But, in 1624, Edward received his share of land allotment and, in 1627, in an allotment given to "heads of families and young men of prudence" Edward was, also, given a share, even though he was unmarried, which shows him to have gained the confidence of the governor. The inventory of his estate at the time of his death was listed as a net value of over 130 pounds. This was substantial for the time and showed that the one-time servant had achieved a greater-than-average level of prosperity during his lifetime.
Edward Doty's descendants have been documented and detailed in many books, most notably, "Mayflower Families through Five Generations, Volume 11, Parts 1 & 2." There are, also, many websites dealing with the Pilgrims and their descendants.
My Doty Line:
Thurston CLARKE: b. 1574, Ipswich, Suffolk, England; d. 10 December 1661, Duxbury, Plymouth Co., MA; m.
Faith LOCS: b. Ipswich, Suffolk, England; d. 1 June 1663, Duxbury, Plymouth Co., MA; child: Faith Clarke
Edward Doty: Birth: Bet. 1597-1602, probably Suffolk, England; d. 23 August 1655, Plymouth, Plymouth Co.,
MA; m. Faith Clarke: b. bet. 1618-1619, (On ship Franci, Ma) Ipswich, Suffolk, England; d. 21 December
1675, Marshfield, Plymouth Co., MA; Edward's children:
Samuel Doty: b. bet. 1643-1644, Plymouth, Plymouth Co., MA; d. September 1715, Piscataway, Union Co., NJ;
m. Jane Harmon: b. abt. 1661, Saco, York Co., Maine; children:
James Doty: b. 17 September 1686, Piscataway, Union Co.; New Jersey; d. bef. 1745, New Providence, New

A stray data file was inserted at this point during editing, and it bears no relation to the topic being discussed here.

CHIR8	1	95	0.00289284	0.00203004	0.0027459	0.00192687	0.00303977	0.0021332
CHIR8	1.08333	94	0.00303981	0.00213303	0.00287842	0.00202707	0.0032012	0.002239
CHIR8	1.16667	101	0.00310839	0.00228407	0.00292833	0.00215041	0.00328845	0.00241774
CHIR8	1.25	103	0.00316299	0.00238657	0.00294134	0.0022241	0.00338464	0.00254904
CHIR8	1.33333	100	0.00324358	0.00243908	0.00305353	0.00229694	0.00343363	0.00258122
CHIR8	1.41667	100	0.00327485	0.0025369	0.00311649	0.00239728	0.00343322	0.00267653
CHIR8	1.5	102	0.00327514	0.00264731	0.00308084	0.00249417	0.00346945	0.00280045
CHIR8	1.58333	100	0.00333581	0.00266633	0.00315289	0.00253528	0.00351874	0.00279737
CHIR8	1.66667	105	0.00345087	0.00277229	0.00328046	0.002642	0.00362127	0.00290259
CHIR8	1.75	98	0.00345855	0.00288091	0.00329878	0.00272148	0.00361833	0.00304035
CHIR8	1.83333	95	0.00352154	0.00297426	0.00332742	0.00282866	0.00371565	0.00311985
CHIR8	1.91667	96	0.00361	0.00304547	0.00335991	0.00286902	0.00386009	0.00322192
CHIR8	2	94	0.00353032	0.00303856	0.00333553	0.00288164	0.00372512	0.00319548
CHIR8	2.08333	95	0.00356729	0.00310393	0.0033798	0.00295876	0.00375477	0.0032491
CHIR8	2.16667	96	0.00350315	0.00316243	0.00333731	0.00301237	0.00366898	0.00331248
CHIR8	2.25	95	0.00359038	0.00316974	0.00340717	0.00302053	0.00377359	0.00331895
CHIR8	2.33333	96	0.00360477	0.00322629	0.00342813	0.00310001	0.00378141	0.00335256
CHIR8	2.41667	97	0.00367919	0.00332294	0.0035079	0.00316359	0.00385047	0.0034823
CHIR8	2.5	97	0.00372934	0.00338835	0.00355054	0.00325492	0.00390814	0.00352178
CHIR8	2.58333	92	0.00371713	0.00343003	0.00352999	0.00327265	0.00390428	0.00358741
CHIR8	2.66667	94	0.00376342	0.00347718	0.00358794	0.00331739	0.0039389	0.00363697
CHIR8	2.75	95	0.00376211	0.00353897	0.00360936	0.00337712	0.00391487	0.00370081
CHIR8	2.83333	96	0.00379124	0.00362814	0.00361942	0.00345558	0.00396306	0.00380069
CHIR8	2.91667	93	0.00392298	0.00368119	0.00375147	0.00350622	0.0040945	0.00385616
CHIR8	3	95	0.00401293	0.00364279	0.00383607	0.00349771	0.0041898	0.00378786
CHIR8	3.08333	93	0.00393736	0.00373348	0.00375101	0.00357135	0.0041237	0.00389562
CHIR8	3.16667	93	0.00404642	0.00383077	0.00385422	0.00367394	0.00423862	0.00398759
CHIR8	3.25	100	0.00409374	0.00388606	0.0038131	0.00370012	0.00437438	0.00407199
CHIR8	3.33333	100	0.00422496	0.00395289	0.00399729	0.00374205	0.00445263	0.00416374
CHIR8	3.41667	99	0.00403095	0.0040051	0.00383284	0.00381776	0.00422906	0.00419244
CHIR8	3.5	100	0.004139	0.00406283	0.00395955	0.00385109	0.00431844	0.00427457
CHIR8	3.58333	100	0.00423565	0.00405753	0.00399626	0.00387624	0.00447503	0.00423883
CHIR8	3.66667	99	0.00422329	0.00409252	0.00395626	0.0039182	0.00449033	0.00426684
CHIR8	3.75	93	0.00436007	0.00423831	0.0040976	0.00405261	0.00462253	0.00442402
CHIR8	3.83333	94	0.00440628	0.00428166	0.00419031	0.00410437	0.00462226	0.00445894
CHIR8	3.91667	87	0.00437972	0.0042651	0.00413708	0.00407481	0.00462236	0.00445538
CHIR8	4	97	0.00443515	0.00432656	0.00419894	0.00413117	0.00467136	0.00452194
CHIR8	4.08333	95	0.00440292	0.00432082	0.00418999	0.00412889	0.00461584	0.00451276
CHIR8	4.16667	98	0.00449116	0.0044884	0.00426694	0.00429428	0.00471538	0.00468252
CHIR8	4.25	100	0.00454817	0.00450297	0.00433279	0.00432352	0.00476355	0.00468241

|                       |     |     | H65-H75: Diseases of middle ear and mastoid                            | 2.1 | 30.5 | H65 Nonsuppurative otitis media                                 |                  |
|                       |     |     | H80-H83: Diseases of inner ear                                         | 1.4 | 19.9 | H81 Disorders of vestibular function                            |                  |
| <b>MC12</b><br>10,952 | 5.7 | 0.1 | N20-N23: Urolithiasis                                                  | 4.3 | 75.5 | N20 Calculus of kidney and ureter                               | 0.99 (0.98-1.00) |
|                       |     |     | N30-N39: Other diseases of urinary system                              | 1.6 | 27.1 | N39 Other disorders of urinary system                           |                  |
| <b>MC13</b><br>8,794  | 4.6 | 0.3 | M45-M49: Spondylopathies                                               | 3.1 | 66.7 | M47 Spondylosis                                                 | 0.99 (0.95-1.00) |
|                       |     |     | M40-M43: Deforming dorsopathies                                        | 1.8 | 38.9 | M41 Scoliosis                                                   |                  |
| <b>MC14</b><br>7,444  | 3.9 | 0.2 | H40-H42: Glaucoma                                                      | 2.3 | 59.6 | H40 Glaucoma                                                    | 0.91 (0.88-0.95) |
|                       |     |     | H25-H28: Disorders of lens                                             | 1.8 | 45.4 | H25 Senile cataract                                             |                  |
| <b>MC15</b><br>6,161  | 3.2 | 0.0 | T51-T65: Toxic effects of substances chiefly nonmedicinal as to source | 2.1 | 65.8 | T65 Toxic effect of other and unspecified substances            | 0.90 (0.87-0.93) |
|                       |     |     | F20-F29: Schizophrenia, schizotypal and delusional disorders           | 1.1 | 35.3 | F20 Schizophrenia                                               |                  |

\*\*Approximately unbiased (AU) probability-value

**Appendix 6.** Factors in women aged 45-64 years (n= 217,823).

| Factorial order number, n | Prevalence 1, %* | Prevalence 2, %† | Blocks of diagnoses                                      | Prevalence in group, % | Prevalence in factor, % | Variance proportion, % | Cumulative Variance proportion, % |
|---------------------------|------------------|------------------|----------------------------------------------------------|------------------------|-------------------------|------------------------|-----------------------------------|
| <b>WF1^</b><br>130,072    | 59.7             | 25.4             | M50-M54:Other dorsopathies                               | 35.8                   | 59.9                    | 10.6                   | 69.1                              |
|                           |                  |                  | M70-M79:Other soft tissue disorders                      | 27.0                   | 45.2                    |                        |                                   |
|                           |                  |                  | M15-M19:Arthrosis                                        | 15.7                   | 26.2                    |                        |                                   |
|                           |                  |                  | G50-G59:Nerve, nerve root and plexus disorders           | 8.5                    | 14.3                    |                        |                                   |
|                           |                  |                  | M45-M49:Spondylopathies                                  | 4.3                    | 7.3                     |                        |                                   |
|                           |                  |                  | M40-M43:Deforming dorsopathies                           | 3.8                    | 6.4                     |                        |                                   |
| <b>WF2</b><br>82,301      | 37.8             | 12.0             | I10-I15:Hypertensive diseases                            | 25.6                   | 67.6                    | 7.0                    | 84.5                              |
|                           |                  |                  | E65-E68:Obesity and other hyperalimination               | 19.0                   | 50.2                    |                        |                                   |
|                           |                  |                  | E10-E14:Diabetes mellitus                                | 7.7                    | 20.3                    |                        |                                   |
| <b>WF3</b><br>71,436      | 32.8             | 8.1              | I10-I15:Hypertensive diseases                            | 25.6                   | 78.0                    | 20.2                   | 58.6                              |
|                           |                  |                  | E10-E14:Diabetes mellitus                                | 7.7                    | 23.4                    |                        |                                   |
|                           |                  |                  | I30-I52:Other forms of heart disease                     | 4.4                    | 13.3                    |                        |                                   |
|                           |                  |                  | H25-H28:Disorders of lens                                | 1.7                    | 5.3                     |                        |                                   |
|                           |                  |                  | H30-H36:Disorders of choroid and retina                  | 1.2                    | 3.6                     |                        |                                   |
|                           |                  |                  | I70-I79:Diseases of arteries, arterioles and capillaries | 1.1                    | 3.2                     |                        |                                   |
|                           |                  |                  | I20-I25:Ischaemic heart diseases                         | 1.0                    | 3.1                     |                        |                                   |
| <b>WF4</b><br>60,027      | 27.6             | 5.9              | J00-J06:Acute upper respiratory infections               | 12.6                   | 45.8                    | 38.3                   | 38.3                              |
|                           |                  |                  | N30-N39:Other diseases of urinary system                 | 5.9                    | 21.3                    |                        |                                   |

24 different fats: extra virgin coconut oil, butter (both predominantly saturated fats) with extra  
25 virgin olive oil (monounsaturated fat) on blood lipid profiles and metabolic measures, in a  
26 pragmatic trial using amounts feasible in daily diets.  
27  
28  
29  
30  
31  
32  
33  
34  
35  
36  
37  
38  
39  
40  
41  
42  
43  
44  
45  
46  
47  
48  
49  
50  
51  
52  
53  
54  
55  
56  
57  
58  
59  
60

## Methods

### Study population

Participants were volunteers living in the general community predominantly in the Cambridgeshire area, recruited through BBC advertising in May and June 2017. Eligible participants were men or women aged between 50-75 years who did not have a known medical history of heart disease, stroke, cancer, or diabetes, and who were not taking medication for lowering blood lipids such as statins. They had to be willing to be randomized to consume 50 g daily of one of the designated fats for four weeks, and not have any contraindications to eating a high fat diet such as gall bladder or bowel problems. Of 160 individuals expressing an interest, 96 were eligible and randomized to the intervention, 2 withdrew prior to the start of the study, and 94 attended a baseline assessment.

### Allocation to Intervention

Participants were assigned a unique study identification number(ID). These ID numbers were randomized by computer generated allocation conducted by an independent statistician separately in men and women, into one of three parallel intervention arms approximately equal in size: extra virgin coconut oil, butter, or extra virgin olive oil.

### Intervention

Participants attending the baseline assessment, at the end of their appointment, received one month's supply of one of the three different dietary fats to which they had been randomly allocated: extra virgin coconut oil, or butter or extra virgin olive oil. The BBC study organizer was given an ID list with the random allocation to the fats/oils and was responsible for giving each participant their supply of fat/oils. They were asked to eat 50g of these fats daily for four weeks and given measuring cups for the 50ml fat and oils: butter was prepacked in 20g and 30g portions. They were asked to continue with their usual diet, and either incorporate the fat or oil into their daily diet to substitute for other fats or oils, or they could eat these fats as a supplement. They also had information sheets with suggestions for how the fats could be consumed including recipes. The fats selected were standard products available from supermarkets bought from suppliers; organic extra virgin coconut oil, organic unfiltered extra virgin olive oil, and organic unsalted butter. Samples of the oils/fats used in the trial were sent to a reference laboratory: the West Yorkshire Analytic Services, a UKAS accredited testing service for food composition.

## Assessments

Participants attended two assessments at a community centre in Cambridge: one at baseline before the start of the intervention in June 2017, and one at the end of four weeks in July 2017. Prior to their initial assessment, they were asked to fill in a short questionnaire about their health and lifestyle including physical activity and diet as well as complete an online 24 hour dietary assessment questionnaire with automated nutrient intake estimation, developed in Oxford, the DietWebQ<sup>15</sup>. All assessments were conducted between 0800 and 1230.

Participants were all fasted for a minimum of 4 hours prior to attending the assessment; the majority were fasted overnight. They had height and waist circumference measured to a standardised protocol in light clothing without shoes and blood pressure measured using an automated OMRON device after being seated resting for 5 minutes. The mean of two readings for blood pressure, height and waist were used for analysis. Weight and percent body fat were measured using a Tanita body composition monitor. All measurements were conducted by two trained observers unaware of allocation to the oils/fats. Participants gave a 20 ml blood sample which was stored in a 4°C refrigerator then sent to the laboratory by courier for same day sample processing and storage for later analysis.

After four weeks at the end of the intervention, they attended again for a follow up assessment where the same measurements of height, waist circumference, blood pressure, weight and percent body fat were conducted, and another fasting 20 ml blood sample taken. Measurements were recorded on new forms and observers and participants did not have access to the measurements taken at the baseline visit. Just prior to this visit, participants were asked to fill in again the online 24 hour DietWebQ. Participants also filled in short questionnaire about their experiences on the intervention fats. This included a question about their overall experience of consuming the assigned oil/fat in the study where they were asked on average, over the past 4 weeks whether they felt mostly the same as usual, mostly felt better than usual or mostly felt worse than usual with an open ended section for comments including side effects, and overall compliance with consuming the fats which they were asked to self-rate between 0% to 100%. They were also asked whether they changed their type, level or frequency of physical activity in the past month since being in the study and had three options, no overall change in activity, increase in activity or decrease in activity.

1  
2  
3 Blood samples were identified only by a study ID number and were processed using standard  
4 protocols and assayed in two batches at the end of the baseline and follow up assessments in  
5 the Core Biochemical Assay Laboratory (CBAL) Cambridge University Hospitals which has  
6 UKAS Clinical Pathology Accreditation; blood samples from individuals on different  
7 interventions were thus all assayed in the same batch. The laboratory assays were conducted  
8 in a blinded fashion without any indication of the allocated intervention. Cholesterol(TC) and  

Jersey; m. Phebe Slater; b. 28 July 1693, Piscataway, Union Co., New Jersey; children:
Benajah Doty: b. abt. 1723, Piscataway, Union Co., New Jersey; d. bet. 22 October-15 November 1780,
Onslow County, North Carolina; m. Elizabeth FARR: b. abt. 1725, Burke Co., Georgia; children:
m. (2nd) Elizabeth CHATWIN; children:
Nancy Doughty Warren: b. 15 May 1753, probably New Jersey; d. 1809, Laurens County, Georgia,
buried: Poplar Springs Cemetery; m. Josiah WARREN, see Warren Family Page for details of
Nancy's family. See Josiah and Nancy's marriage bond.
Benajah Warren: b. 25 October 1782, Montgomery County, Georgia; d. 4 January 1835, Jefferson County,
Mississippi; buried: Warren Cemetery; m. Ferriba Stringer in Montgomery County, GA: b. 7 May
1791, Montgomery County, Georgia; d. 16 August 1866, Jefferson County, Mississippi; buried: Warren
Cemetery; (see Warren Family Page and Garrett Family Page for details on Benajah's family and
Abba Ann Warren Garrett, my g-g-grandmother
Josiah Garrett, my g-grandfather
Edgar Garrett, my grandfather
Nancy Florelle Garrett Jackson, my mother
Nancy Lee Jackson Brister (me!)
James Michael Brister, Jr., my son
Sarah Elizabeth Brister, my granddaughter
Edward may have been a little cantankerous, but he lived to see a large family grown and, through perseverance and hard work, he prospered in this new land in an environment that was almost always difficult and many times brutal. And, since it could be said that his strength of body, will and spirit are probably responsible for the fact that he survived that first winter, those are, also, the reasons I'm here to talk about it. You won't catch me casting any aspersions in his direction. Matter of fact, I've taken a liking to my 8th g-grandfather. And I hope it can be said that a little of his fighting spirit has made its way down to me.
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Miscellaneous Doty Records
The Pilgrims & Adventurers: Paying Tribute
"Illustrations from The Romantic Story of the Pilgrims" - Published 1911
The Mayflower and Plimoth Plantation
Early American Homes
My G-Grandfather's Attic - Home
The Past Whispers
Old New Orleans